On April 1, 2020, the Department of Labor issued temporary rules addressing implementation of the Families First Coronavirus Response Act (FFCRA). The rules, effective from April 1, 2020 through December 31, 2020, address several aspects of the FFCRA-created paid federal leaves, including documenting the need for qualifying leaves, interaction between the two paid leaves—the Emergency Paid Sick Leave Act (EPSLA) and the Expanded Family Medical Leave Act—created by the FFCRA, and the potential exemption of small employers (under 50 employees) from certain paid leaves. The DOL’s rules can be found at the following link: https://www.dol.gov/sites/dolgov/files/WHD/Pandemic/FFCRA.pdf.
The EPSLA describes the circumstances under which a covered employer must provide paid sick leave to an eligible employee. The first of those circumstances, and one that has created the greatest amount of confusion and uncertainty, is when “an employee is unable to work because he or she is subject to a federal, state, or local COVID-19 quarantine or isolation order.” The question often asked by clients is whether executive orders, such as the shelter in place/safer at home order issued by Governor Whitmer on March 23, 2020, fall into such a category. At the outset, the statute relates specifically to quarantine or isolation orders that prevent the employee from working. That is a critical point. While the terms “quarantine” and “isolation” have been defined by the Center for Disease Control https://www.cdc.gov/quarantine/index.html as very restrictive orders, the April 1, 2020 DOL rules define a “quarantine or isolation order” more expansively:
For purposes of the EPSLA, a quarantine or isolation order includes quarantine, isolation, containment, shelter-in-place, or stay-at-home orders issued by any Federal, State, or local government authority that cause the Employee to be unable to work even though his or her Employer has work that the Employee could perform but for the order. This also includes when a Federal, State, or local government authority has advised categories of citizens (e.g., of certain age ranges or of certain medical conditions) to shelter in place, stay at home, isolate, or quarantine, causing those categories of Employees to be unable to work even though their Employers have work for them.
This definition seems to encompass Executive Order 2020-21; however, the DOL made clear in its discussion of the rules that not all employees who are not working due to Executive Order 2020-21 are eligible for paid sick leave. The question is not only whether an employee must stay at home because of a quarantine or isolation order. Rather, “the question is whether the employee would be able to work or telework “but for” being required to comply with a quarantine or isolation order.” Employees are only eligible for paid sick leave under qualifying reason number 1 if their employer has work for them to do, and the employee cannot perform that work because of a qualifying order. If an employer does not have work for an employee to perform – even if the lack of work is due to Executive Order 2020-21 – the employee is not entitled to paid sick leave under qualifying reason number 1.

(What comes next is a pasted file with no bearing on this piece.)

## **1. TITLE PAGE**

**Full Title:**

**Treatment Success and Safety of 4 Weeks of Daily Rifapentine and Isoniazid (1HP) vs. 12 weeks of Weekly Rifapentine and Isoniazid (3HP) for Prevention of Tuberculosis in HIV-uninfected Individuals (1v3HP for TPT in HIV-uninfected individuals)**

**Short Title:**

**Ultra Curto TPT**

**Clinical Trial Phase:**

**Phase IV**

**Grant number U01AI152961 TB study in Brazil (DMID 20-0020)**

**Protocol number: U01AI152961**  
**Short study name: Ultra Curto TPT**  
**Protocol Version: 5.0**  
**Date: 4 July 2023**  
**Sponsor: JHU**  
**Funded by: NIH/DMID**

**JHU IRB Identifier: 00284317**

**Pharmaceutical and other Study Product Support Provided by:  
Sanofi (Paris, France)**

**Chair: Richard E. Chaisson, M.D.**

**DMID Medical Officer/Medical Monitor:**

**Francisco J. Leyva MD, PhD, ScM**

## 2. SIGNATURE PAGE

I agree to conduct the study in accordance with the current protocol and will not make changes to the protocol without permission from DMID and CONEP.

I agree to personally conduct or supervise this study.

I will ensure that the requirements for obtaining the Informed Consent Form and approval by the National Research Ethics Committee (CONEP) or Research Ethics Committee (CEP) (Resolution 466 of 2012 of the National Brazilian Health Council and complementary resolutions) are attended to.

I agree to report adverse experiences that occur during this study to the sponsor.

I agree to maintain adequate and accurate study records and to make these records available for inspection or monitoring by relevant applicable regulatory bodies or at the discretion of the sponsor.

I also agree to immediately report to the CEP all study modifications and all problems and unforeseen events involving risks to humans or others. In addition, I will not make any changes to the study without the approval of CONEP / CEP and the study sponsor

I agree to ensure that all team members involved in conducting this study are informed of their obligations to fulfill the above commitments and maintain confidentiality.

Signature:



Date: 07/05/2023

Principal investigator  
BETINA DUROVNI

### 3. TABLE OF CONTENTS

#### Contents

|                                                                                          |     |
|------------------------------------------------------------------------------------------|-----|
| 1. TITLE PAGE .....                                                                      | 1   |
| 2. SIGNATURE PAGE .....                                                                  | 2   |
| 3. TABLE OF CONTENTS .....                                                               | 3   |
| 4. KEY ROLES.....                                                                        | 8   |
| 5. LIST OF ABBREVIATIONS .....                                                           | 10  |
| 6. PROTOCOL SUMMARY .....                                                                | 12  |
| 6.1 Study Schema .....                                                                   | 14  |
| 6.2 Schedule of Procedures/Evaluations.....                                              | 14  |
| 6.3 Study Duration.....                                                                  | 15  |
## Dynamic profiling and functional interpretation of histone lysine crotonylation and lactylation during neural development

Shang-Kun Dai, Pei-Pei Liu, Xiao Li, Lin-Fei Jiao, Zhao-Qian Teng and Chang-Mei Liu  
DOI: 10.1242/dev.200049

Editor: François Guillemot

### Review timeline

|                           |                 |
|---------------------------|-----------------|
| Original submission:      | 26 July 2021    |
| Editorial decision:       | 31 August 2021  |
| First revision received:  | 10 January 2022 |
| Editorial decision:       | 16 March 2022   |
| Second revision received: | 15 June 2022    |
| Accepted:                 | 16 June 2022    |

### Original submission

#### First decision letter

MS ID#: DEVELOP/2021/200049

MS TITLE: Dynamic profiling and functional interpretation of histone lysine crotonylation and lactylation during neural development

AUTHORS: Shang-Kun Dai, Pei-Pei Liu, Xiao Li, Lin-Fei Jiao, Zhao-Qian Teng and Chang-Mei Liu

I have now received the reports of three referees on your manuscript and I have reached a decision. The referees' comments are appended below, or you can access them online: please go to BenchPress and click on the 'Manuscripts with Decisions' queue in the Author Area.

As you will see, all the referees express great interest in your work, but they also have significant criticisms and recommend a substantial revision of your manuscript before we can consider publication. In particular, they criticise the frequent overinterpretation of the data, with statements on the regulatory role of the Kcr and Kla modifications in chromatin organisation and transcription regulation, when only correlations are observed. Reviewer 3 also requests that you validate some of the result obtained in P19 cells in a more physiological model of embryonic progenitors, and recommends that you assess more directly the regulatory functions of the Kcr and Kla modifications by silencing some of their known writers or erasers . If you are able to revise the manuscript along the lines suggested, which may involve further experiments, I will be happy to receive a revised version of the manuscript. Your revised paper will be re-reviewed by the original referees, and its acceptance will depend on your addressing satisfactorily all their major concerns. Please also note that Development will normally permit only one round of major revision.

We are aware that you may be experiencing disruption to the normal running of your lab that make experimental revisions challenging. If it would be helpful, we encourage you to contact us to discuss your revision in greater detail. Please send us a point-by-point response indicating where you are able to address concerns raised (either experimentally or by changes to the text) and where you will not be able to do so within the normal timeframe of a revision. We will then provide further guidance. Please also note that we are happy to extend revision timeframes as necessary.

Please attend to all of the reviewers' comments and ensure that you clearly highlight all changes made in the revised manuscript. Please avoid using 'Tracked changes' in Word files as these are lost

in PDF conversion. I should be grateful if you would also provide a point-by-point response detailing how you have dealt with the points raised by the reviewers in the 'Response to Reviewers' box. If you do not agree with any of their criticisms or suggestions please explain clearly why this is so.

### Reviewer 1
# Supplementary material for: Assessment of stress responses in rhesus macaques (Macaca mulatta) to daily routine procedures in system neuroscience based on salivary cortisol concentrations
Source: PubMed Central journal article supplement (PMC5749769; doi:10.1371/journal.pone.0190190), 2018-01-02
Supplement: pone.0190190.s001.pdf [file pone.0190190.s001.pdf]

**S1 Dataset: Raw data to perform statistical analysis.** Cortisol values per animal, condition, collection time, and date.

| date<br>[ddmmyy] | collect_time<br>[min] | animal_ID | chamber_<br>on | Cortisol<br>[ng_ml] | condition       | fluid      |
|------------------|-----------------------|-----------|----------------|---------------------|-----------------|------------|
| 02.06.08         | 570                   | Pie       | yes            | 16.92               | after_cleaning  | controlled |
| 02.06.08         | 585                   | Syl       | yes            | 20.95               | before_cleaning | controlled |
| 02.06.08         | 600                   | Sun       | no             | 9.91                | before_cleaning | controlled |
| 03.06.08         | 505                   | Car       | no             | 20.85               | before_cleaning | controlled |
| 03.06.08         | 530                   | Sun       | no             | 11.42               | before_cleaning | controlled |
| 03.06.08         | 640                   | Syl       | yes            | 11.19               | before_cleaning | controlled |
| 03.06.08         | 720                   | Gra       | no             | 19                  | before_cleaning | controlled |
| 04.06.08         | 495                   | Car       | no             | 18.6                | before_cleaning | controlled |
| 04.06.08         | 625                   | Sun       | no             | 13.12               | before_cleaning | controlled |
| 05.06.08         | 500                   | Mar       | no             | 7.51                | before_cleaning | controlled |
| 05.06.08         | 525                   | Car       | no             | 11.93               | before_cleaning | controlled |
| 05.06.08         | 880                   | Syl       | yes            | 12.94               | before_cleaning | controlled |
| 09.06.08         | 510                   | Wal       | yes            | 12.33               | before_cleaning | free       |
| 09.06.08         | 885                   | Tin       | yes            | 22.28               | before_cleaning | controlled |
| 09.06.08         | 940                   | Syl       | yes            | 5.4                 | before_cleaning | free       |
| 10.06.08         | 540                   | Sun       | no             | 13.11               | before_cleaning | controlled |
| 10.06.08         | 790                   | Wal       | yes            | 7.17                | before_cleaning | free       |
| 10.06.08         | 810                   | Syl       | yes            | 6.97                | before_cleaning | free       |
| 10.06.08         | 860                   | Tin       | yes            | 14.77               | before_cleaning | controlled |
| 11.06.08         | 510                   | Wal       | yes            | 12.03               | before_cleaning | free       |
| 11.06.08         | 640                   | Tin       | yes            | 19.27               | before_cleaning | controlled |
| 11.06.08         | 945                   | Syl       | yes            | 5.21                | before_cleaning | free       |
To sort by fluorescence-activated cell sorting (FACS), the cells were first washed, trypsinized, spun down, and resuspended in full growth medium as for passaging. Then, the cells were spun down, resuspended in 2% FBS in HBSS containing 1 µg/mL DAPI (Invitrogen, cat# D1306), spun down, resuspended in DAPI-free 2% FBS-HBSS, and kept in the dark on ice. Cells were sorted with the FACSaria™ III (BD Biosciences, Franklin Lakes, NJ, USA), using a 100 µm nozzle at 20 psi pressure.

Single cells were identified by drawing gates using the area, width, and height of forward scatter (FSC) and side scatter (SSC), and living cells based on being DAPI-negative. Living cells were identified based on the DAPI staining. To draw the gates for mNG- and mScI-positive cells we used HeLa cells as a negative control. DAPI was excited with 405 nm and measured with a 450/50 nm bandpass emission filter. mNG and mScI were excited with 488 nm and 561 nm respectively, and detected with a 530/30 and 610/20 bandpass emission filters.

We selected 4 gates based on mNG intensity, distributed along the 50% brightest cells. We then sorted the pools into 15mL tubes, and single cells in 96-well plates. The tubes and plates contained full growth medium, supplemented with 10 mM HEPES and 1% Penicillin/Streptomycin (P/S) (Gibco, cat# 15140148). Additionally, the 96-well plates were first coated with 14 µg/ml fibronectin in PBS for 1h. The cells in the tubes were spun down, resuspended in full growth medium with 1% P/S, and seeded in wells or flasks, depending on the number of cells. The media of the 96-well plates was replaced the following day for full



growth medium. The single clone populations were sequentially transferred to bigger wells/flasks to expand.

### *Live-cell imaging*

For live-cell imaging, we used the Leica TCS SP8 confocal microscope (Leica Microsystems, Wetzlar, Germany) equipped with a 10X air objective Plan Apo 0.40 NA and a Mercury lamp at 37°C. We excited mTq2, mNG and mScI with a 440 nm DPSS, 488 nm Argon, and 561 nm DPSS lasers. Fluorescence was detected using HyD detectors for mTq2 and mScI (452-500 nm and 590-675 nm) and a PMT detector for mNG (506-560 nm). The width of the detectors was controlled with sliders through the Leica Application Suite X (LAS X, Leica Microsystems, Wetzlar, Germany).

To illustrate the point, the DOL used the following example:
For example, if a coffee shop closes temporarily or indefinitely due to a downturn in business related to COVID-19, it would no longer have any work for its employees. A cashier previously employed at the coffee shop who is subject to a stay-at-home order would not be able to work even if he were not required to stay at home. As such, he may not take paid sick leave because his inability to work is not due to his need to comply with the stay-at-home order, but rather due to the closure of his place of employment.
In order to understand how the statute and DOL guidance applies, one must first understand that the DOL’s guidance was intended to address the myriad of different Stay at Home orders that are currently in place throughout the country. In general, qualifying reason number 1 applies where an executive order prevents an employee, or group of employees, from going to their place of employment, and does not generally apply when the business must close or reduce workforce because of the order. This is a highly fact-specific determination and must be carefully analyzed based upon the factors at issue in your case. We are happy to help with questions.
If you have any questions about the scenario above or the new DOL rule, Nikole Canute (firstname.lastname@example.org/(616) 632-8049), Nate Wolf (email@example.com/(616) 632-8046), and Scott Dwyer (firstname.lastname@example.org/(616) 632-8033) are available to assist.